Landing a job at a top tech company in San Francisco has gotten so competitive that investors just sank millions of dollars into a startup that is marketing itself as the Y Combinator for job interviews.
The reference to Silicon Valley’s famous startup accelerator is something of venture investor catnip, hitting on both Y Combinator’s rocketship success and investors’ deep fear of missing out on the next hot startup. If that wasn’t enough, this startup is also using the income-share agreement revenue model which was popularized by another VC-favorite, Lambda School. The agreement is that users don’t pay upfront and instead earmark 9% of their annual salaries to go back to Pathrise after they are employed.
It’s no surprise then that Pathrise, the startup in question, announced $3.2 million in seed funding on Tuesday, from Y Combinator itself, Learn Capital, Kairos K50, GoAhead Ventures, Ozmen Ventures, Day One Ventures, and Marstar Investments.
“I would credit almost everything I’ve been able to accomplish to ‘hustling,'” Kevin Wu, the 24-year-old cofounder and CEO of Pathrise told Business Insider. “What I mean by ‘hustling’ is using effort and strategy to overcome funnel problems. We started Pathrise to share that ‘hustle’ with other people through a formal program.”
A red-hot job market has forced companies to get creative in hiring, but there has been significantly less focus on who is actually getting hired. Pathrise doesn’t want to retrain aging populations or make every participant an engineer, it just wants to help during the hiring process.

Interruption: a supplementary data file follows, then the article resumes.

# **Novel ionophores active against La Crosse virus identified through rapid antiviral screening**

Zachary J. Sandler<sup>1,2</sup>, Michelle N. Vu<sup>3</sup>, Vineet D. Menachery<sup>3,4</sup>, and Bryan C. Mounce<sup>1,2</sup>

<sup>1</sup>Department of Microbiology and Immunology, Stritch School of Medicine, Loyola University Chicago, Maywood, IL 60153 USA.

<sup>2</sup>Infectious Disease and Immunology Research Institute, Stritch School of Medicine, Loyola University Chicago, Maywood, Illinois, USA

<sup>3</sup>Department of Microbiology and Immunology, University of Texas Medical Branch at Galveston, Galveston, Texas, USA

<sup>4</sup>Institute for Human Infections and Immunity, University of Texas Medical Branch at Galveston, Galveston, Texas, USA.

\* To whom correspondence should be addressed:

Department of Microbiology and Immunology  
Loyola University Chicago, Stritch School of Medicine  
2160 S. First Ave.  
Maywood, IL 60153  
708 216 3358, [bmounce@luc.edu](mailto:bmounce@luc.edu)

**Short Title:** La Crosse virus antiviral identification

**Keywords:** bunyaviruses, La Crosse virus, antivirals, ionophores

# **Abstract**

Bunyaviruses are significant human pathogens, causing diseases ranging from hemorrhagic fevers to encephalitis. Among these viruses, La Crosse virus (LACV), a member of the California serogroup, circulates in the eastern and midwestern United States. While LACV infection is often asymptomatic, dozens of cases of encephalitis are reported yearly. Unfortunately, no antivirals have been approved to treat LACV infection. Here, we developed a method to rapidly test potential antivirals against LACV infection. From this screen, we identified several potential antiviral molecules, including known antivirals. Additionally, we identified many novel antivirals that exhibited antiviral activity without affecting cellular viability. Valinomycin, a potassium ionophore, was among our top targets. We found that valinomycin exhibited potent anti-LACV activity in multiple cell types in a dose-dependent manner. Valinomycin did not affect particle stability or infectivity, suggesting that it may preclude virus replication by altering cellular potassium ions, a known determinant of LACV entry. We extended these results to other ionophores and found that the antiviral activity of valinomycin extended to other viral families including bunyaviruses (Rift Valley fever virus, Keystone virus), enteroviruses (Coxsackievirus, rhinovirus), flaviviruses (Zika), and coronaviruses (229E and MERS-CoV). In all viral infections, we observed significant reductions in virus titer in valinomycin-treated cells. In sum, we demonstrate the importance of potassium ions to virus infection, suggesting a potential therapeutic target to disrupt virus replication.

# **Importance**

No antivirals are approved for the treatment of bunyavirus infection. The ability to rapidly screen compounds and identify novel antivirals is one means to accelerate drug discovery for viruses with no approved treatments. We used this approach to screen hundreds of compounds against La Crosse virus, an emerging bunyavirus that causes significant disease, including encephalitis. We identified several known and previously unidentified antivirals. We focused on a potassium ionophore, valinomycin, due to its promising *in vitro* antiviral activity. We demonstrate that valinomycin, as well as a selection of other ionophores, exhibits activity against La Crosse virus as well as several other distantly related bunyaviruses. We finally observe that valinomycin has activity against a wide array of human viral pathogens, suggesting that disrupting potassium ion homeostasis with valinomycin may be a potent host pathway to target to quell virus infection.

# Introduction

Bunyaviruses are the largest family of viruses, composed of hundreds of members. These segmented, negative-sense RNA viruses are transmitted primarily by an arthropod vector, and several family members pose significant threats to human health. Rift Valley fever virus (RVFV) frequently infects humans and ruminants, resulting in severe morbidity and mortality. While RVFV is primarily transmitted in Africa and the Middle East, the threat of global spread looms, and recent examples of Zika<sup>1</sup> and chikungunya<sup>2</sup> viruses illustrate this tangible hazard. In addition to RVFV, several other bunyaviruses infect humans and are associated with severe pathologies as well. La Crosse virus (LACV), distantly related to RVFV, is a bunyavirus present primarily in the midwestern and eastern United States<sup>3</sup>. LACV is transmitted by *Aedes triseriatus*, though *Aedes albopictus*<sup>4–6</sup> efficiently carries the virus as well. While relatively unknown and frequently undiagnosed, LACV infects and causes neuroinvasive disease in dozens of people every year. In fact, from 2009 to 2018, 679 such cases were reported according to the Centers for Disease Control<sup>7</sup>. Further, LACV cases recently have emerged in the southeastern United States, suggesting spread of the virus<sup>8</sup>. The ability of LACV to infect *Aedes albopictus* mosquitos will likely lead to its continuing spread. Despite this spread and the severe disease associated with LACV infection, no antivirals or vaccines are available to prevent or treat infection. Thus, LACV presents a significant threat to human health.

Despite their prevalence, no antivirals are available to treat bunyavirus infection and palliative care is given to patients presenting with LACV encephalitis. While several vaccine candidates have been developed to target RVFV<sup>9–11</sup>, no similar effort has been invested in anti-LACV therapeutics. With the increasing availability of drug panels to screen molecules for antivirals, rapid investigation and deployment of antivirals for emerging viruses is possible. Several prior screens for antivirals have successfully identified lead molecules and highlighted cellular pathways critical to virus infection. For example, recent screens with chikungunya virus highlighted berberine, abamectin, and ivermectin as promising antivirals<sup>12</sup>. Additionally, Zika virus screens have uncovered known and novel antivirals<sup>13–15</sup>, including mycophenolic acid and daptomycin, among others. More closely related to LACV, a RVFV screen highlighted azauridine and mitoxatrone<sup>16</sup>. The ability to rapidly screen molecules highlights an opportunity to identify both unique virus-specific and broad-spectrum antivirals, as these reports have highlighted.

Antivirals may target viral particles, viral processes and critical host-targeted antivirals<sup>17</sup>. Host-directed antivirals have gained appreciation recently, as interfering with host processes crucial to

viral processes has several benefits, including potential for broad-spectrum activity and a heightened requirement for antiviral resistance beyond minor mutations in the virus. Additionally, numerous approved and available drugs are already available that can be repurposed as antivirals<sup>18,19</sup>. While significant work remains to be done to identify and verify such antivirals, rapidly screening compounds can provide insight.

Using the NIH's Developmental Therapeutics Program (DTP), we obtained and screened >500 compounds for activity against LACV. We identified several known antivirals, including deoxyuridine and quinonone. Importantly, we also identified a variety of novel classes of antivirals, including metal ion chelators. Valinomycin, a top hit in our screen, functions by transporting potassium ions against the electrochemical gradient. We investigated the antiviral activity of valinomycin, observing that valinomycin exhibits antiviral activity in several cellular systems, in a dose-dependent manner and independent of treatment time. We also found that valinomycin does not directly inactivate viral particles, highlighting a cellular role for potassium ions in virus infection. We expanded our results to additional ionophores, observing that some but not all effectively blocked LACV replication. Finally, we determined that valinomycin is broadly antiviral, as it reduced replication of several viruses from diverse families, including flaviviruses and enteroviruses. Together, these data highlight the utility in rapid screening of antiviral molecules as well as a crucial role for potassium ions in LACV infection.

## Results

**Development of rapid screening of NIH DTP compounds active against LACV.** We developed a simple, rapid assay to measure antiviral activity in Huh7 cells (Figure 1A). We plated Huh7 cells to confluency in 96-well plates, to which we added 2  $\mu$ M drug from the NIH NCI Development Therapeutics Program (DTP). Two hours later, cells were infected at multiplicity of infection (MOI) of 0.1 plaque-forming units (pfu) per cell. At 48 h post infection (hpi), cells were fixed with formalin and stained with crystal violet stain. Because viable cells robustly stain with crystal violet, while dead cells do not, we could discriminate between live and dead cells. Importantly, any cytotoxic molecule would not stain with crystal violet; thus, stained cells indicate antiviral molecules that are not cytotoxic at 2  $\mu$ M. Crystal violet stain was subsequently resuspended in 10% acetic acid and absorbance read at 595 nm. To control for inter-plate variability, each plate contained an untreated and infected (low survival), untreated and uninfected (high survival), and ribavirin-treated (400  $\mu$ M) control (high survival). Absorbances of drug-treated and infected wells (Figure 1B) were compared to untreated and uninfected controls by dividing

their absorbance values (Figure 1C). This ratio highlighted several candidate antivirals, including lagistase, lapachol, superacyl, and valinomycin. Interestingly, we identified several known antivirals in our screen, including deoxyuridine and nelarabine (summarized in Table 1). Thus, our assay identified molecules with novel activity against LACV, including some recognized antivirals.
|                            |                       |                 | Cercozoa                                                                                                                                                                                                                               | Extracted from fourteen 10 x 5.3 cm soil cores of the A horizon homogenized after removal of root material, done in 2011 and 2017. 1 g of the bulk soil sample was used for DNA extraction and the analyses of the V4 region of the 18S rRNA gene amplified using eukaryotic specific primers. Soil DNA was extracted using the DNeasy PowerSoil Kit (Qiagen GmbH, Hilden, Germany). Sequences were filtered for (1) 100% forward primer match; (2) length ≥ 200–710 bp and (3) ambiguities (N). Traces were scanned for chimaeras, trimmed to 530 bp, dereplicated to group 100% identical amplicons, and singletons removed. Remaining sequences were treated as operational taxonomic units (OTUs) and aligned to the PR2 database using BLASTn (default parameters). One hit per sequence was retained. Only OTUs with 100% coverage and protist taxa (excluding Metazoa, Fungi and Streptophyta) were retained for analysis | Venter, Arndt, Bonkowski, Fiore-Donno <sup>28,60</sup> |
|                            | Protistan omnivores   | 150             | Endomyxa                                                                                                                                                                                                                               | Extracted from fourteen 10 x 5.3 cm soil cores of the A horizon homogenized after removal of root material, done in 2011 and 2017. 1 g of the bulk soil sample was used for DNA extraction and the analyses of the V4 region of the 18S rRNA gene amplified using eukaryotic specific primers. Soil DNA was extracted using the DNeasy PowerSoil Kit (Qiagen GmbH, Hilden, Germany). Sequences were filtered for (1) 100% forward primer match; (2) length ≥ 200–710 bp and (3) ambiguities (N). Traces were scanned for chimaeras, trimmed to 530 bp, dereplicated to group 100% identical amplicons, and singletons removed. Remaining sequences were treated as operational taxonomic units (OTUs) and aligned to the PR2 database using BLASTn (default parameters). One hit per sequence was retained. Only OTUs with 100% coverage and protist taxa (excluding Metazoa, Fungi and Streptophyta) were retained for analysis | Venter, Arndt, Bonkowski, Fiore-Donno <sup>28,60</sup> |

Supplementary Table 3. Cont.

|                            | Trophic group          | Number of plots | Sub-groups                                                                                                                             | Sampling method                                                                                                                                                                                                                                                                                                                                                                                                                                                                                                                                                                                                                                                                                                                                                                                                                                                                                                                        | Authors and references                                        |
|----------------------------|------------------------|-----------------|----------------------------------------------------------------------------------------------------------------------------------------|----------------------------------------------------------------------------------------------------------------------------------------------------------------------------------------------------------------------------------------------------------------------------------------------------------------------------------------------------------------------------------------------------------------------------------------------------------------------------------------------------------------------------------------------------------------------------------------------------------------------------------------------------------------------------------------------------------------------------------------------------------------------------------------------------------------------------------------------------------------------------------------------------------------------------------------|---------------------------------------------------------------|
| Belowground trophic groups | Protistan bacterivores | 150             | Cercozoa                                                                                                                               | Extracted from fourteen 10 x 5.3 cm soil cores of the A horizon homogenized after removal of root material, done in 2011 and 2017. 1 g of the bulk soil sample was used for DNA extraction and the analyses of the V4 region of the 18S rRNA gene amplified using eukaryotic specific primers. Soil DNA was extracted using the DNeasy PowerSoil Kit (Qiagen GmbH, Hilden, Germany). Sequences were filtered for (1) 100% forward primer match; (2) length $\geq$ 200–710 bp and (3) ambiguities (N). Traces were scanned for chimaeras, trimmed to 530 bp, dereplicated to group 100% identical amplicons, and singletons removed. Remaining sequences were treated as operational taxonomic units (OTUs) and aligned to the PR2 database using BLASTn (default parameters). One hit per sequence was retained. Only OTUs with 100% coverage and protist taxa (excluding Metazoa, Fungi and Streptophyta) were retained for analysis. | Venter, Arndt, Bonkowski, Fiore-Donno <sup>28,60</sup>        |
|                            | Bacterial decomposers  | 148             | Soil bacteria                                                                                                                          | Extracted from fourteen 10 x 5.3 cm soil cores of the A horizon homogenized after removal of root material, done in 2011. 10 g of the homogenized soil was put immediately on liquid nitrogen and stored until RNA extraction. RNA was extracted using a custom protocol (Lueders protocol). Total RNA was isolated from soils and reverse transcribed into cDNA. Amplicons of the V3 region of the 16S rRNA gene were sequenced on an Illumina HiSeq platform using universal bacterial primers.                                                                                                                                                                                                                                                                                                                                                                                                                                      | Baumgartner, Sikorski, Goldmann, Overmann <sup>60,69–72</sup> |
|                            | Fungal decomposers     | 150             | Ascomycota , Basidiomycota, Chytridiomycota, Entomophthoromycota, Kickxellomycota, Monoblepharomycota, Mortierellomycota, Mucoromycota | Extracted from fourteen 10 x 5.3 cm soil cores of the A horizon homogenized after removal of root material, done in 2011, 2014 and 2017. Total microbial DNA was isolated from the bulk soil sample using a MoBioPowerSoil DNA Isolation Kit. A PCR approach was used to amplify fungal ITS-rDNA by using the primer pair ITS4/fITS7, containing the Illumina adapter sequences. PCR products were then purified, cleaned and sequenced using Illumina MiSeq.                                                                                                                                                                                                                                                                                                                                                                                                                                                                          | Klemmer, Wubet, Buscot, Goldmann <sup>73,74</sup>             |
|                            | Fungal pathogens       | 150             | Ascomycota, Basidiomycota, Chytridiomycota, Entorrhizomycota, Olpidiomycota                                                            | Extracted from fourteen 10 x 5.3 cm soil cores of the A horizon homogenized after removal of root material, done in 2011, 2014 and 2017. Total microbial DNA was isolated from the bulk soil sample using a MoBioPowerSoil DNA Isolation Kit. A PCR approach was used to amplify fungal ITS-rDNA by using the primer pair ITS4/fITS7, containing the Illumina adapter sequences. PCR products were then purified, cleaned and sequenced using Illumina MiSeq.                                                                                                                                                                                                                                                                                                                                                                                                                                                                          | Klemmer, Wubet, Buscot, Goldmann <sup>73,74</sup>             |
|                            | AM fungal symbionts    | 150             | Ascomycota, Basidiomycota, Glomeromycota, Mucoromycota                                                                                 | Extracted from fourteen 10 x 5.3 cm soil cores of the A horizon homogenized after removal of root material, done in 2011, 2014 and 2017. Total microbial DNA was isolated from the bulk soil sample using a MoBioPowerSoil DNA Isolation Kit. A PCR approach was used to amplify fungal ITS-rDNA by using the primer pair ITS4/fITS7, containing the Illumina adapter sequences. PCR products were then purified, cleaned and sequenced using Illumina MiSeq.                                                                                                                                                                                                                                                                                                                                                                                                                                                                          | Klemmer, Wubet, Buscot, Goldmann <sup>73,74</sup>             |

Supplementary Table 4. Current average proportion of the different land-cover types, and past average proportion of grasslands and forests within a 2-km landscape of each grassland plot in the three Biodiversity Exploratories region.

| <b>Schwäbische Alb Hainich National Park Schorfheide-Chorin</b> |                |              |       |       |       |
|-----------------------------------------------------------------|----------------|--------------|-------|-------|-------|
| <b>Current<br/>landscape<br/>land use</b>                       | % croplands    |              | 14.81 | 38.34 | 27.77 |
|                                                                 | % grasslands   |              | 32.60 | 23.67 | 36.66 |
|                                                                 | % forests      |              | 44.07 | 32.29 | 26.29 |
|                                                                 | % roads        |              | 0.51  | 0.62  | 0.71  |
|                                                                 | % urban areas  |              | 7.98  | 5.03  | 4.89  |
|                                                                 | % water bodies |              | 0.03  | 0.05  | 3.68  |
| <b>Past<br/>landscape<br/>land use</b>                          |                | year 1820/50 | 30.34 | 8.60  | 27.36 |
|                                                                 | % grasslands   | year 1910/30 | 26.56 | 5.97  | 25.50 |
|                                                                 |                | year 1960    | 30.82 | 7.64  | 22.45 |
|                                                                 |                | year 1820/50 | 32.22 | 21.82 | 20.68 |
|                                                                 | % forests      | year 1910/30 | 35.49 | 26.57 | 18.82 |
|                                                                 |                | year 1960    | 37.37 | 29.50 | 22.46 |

The startup essentially provides online training and coaching for job seekers that Wu says goes beyond the standard tips. The program includes traditional classes as well as service that matches job seekers with mentors who are already working in the tech industry. There’s no set time frame for the program. Right now Pathrise says it places job seekers within an average of 4 months and it’s working to reduce the average time to 2 months.
So what does a 24-year-old know about nailing job interviews?
Wu and his 25-year-old cofounder pitched 60 investors on Pathrise. Although the startup is full of investor-friendly buzzwords, he still had to convince VCs that two 20-somethings were ready and willing to build a company with such an ambitious vision.
“The most common question was why we would be qualified to build a career mentorship company as younger founders,” Wu said. “Derrick and I met at a nonprofit where we mentored students looking to get a job in tech weekly, and we both spent our time in the tech industry at well-known companies. Combined, we have over a decade of experience in edtech, but more importantly, we both have empathy for our fellows, we aren’t a decade separated from the problem that career advancers, transitioners, and new grads face. That was us a few years ago.”
Here’s the pitch deck Wu used to convince investors that two barely graduated entrepreneurs were ready to remake the recruitment process: